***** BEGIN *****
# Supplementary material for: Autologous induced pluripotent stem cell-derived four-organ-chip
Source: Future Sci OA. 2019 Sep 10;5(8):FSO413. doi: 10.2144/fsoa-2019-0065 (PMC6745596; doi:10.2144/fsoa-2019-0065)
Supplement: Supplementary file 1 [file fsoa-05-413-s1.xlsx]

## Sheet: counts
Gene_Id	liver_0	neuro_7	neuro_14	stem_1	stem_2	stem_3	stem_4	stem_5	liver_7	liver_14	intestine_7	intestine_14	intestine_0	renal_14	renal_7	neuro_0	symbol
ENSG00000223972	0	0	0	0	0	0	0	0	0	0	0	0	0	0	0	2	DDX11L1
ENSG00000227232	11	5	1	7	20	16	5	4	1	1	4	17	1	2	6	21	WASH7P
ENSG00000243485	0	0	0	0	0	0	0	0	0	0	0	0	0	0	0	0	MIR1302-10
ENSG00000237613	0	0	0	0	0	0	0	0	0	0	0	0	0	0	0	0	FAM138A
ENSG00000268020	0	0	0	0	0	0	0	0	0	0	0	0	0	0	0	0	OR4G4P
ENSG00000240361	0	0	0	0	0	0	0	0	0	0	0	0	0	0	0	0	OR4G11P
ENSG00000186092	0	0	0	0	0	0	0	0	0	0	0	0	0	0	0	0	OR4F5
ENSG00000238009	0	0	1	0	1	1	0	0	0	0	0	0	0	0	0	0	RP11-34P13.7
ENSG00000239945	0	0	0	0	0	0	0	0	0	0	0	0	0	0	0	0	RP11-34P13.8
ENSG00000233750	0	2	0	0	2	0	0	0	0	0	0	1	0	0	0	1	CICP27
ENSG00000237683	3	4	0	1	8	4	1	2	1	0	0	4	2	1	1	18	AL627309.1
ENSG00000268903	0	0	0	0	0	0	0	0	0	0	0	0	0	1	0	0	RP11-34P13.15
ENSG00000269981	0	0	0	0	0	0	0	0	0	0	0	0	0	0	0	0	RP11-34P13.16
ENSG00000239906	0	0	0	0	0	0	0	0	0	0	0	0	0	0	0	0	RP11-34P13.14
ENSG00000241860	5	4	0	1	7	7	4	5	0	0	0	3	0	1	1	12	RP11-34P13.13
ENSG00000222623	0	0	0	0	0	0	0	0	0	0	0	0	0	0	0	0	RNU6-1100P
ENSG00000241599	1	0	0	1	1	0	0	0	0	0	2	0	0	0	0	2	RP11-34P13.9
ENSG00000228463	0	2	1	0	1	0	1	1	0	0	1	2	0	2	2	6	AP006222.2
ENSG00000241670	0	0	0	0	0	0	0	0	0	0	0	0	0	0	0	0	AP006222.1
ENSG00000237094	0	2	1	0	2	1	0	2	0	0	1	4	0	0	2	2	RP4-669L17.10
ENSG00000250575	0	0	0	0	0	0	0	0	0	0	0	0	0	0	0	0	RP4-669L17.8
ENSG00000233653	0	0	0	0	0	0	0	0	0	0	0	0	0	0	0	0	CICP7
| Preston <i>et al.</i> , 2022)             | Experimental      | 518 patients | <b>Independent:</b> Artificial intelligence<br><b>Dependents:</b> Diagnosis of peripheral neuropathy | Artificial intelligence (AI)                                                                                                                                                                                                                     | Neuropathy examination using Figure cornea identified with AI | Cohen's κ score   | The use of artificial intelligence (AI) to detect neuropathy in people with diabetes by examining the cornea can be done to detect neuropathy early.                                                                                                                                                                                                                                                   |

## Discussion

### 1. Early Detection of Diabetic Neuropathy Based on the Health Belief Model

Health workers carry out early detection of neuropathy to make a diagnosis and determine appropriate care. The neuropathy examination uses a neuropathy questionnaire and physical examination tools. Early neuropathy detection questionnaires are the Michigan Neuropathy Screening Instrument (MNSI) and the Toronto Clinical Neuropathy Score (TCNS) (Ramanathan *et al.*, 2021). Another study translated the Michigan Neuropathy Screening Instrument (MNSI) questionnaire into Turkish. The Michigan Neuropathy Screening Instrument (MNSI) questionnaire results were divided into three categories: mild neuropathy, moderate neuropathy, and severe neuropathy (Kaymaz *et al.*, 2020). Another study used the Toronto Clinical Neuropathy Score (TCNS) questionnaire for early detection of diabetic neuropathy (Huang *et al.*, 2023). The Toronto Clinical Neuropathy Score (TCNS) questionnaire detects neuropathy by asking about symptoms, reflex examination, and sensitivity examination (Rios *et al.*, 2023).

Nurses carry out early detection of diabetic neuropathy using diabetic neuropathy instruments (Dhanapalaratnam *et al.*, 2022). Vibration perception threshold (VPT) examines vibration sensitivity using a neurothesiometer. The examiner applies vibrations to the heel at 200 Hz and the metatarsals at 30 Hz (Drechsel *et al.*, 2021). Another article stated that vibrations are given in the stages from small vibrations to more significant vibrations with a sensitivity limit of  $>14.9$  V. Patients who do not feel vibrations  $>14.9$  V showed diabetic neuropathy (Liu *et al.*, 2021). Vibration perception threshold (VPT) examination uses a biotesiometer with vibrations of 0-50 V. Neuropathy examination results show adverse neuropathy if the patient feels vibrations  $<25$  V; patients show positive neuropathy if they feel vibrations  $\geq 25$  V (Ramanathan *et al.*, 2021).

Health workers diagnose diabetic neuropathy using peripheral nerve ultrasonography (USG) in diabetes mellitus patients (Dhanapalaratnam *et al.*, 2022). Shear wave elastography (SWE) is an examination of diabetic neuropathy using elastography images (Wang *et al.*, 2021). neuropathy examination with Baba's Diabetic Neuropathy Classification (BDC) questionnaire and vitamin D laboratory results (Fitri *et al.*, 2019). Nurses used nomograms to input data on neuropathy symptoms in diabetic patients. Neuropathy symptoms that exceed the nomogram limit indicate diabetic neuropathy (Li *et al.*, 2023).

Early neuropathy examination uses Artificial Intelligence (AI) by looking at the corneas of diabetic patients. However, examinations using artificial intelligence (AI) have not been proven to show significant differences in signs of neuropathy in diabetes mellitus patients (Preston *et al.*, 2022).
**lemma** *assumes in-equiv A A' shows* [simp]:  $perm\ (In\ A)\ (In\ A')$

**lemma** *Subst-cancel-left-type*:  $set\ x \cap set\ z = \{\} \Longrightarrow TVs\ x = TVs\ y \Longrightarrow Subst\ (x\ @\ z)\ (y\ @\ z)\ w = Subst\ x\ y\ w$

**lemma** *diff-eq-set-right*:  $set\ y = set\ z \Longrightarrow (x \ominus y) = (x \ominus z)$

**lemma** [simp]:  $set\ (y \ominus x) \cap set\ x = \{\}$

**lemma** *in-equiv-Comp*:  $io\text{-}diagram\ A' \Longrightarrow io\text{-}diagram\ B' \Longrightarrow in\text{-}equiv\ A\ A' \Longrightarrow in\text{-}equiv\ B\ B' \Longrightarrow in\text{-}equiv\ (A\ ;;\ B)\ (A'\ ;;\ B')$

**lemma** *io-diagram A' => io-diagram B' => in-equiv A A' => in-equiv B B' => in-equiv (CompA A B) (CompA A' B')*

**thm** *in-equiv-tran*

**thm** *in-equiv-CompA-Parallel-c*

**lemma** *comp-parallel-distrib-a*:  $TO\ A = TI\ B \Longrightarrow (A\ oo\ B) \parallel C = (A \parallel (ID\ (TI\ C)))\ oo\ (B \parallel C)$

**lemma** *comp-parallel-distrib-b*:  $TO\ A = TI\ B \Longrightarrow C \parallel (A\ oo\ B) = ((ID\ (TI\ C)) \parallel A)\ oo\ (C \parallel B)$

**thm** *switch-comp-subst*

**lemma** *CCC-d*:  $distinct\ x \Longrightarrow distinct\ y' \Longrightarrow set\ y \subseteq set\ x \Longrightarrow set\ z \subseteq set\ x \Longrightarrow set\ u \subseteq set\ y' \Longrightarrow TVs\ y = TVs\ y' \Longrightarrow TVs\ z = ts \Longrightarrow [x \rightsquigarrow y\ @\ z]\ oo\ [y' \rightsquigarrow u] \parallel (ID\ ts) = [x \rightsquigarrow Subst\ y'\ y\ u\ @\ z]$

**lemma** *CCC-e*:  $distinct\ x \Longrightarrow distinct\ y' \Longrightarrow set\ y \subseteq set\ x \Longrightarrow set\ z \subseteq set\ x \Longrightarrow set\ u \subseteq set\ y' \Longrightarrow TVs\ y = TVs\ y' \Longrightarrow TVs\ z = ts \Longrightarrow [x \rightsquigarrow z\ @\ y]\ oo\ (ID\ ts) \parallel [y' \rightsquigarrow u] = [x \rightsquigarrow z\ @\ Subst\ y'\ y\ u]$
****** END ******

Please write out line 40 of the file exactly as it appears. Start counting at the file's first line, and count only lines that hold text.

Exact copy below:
**lemma** *io-diagram A' => io-diagram B' => in-equiv A A' => in-equiv B B' => in-equiv (CompA A B) (CompA A' B')*